A 56-Gb/s PAM4 Transceiver with False-Lock-Aware Locking Scheme for Mueller-Müller CDR

November 30, 2022

Recently, PAM4*1 signaling has been used instead of conventional NRZ*2 signaling to meet the demand for high-speed data communications. In addition, an ADC*3-DSP*4 based receiver has also been used instead of an analog-based receiver for enabling digital equalization to handle high insertion loss channel with high data rate. Most ADC-DSP based receivers use baud-rate*5 CDR*6 such as Mueller-Müller CDR, while most analog-based receivers use the 2x oversampling CDR. However, in the conventional baud-rate CDR circuits, the clock signal is occasionally locked at false-lock points as a result of misjudging specific transitions between data 0 and 3 as whole transitions of the PAM-4 signaling (Figure 1).

Fig.1 False-lock issue in baud-rate CDR circuits.

We discovered that the clock signal is locked at the correct point when the comparator for the CDR is operated in the NRZ mode even if the PAM4 signaling is input. Therefore, the false–lock points can be avoided by using the comparator for the CDR in the NRZ mode (Figure 2). The comparator for the CDR is first operated in the NRZ mode and then the parameters of the equalizers, variable-gain amplifiers, and the comparators for the CDR and data-path are adaptively controlled. Next, the clock signal is successfully recovered from the PAM4 input signal. After that, the comparator for the CDR is changed to the PAM4 mode and the parameters of the equalizers and comparators are optimized again and the clock signal is adjusted properly.

Fig.2 Proposed false-lock-aware locking technique.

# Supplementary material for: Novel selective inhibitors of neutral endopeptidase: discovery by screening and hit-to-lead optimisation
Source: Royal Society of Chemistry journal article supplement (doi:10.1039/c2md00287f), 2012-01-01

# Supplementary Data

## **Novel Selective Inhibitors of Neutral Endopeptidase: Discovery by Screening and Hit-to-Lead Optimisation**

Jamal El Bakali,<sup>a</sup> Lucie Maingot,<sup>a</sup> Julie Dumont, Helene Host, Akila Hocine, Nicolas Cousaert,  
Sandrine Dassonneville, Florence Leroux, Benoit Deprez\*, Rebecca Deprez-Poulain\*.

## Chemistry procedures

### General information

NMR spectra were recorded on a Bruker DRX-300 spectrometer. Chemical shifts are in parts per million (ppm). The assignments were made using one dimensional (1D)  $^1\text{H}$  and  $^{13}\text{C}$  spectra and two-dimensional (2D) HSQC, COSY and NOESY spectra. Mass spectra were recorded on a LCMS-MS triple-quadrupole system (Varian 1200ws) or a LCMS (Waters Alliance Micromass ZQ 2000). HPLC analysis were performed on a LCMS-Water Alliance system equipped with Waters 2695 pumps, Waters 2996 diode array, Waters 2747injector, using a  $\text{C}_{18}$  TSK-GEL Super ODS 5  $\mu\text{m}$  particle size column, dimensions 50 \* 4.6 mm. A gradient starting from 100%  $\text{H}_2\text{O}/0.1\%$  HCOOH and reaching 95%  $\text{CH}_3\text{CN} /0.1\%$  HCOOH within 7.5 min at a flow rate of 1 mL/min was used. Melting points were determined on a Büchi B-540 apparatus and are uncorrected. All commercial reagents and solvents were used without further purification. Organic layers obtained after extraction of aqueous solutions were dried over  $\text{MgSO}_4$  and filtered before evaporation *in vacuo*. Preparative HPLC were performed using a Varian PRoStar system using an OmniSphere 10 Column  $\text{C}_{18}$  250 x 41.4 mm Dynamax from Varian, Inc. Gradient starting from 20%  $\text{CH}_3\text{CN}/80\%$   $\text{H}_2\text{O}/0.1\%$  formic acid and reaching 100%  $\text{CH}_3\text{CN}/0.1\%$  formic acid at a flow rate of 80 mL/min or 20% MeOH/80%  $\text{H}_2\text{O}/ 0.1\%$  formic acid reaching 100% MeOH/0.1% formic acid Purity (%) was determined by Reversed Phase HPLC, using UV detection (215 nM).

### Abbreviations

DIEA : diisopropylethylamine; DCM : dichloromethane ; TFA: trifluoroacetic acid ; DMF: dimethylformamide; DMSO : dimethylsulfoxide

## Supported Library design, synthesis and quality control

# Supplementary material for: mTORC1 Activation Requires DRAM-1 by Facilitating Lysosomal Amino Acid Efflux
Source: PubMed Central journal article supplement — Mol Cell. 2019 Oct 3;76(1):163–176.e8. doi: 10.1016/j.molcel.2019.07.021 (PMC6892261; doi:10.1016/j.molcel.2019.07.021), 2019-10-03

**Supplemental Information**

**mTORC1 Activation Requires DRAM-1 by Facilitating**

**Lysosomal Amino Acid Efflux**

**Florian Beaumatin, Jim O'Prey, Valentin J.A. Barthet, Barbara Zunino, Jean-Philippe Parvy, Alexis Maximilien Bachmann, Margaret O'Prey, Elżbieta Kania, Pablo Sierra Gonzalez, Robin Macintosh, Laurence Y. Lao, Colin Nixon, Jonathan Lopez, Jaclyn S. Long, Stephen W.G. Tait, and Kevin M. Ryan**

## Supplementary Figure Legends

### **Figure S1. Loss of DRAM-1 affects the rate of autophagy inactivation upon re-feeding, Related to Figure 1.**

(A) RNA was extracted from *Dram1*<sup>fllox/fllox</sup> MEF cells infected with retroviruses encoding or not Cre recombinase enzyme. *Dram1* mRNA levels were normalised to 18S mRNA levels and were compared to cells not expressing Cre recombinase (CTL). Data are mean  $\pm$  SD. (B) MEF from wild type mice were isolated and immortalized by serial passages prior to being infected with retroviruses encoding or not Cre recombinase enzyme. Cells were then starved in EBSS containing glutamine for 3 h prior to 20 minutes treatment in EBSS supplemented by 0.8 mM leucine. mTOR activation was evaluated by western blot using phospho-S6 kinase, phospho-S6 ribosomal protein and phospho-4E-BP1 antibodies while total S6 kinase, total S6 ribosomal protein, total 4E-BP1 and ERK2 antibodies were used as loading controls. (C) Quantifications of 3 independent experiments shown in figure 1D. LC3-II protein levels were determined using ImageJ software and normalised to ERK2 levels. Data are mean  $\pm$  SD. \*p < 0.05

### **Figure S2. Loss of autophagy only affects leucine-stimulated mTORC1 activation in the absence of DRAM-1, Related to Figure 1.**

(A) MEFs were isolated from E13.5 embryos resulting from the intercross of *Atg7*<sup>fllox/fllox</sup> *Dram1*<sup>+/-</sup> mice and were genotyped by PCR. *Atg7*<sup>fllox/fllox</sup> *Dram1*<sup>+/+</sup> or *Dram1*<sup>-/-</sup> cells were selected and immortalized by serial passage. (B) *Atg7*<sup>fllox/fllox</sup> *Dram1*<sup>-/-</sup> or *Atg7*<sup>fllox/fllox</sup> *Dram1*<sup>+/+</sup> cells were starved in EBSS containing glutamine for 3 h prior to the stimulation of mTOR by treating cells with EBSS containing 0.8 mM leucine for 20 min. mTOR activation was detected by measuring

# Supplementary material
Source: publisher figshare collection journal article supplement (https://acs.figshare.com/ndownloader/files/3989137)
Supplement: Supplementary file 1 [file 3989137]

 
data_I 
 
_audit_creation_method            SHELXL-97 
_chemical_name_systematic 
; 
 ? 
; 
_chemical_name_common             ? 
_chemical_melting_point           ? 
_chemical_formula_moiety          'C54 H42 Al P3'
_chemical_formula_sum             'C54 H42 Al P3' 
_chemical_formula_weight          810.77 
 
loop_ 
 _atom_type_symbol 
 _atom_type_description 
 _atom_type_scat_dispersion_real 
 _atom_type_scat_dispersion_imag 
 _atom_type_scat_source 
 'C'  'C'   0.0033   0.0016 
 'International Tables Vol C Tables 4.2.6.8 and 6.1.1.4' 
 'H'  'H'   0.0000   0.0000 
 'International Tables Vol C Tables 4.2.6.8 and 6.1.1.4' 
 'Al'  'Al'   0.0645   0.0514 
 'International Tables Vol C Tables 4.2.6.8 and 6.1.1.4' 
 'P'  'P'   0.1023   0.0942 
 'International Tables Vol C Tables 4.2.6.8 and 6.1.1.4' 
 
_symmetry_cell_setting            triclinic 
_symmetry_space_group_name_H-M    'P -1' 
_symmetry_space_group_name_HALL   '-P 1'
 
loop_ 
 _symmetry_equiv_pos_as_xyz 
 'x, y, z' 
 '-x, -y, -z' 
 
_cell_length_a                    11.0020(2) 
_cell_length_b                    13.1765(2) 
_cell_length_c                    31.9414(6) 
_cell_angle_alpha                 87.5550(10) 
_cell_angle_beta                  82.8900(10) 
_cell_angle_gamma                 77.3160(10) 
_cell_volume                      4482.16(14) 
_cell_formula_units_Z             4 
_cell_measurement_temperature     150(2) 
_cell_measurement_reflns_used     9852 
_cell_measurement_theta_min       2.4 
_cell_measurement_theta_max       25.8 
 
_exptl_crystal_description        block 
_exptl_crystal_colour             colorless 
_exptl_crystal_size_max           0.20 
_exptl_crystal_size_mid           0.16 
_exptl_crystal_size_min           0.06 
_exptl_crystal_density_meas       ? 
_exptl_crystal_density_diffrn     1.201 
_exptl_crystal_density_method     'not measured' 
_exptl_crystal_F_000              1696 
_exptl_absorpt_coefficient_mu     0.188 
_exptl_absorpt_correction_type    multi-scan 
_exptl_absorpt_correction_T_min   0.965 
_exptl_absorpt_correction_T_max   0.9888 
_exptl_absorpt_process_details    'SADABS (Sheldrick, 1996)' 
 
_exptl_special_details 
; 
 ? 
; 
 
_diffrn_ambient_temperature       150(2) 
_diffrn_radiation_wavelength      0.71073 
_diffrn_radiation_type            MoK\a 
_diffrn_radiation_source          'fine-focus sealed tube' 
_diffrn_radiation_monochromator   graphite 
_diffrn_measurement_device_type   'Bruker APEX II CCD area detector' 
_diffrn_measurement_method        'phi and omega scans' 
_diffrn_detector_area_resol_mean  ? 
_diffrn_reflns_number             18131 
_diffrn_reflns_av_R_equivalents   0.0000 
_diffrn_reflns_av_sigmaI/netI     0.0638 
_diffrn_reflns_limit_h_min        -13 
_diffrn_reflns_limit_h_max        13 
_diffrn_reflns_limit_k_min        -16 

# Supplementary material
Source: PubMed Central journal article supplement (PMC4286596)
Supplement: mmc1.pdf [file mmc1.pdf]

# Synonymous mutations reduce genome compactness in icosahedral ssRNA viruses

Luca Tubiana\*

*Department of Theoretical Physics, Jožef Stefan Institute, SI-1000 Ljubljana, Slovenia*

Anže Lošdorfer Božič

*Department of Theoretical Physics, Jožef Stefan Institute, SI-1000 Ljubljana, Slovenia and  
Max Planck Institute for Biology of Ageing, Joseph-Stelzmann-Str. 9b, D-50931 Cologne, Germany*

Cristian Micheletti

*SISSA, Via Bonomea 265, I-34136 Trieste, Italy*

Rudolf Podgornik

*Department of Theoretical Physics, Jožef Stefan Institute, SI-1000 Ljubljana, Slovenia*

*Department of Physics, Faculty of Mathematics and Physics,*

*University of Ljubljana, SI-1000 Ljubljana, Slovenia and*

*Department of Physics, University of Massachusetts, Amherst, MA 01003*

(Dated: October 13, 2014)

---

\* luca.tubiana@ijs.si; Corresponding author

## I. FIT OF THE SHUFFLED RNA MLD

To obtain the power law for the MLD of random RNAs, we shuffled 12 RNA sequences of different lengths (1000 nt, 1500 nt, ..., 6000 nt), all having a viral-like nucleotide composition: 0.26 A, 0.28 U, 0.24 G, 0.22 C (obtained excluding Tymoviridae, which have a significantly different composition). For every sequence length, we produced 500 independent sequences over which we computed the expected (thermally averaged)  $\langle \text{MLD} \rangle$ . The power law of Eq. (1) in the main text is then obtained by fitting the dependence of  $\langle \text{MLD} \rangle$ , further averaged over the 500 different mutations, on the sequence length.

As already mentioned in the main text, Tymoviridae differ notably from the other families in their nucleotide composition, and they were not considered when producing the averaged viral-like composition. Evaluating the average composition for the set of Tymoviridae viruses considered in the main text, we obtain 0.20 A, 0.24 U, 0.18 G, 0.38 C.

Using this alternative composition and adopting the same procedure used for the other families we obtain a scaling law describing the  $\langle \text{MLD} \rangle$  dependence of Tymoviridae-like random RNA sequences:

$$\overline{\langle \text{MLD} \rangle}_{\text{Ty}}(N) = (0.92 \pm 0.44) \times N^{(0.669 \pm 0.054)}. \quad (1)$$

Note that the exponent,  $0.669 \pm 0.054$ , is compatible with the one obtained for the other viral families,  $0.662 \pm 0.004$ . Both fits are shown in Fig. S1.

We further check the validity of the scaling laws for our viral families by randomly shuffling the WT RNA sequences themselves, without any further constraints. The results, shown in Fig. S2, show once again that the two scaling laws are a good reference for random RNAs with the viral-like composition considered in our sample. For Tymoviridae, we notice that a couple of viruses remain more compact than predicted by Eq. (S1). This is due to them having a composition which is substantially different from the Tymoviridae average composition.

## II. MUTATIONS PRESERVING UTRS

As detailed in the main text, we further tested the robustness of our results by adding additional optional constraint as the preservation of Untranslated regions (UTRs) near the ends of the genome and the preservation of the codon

The die micrograph of the fabricated chip is shown in Figure 3. The chip is fabricated in a 16-nm FinFET process. When measuring the fabricated receiver, 56-Gb/s PAM4 signaling is generated in the transmitter and then input into the receiver via an external cable. By using the proposed false-lock-aware locking technique, the PAM4 signaling is correctly received even when the clock signal is locked at the false-lock point initially (Figure 4).

Fig.3 Chip micrograph of transceiver.
Fig.4 Measured results for false-lock-aware locking technique.
  1. PAM4 (4-level Pulse Amplitude Modulation): Data transmission technique using four voltage levels representing two-bit data. Although one symbol contains one-bit data by using NRZ, one symbol contains two-bits data by using PAM4.
  2. NRZ (Non Return to Zero): Data transmission technique using two voltage levels representing “0“ and “1”.
  3. ADC (Analog-to-Digital Converter): A Circuit that converts an analog signal to a digital signal.
  4. DSP (Digital Signal Processing): The processing of a digital signal.
  5. baud-rate: Number of symbol changes per one second.
  6. CDR (Clock and Data Recovery): Technique recovering clock and data signals from received signals.

This research has been presented at ESSCIRC (European Solid-State Circuits Conference) in September 2022[1].
This development is based on a project commissioned by the New Energy and Industrial Technology Development Organization (NEDO).

This article is reconstructed from excerpts of references [1] @IEEE 2022.

[1] F. Tachibana et al., “A 56-Gb/s PAM4 Transceiver with False-Lock-Aware Locking Scheme for Mueller-Müller CDR,” in Proceedings of IEEE European Solid-state Circuits Conference (ESSCIRC), pp. 505-508, Sep. 2022.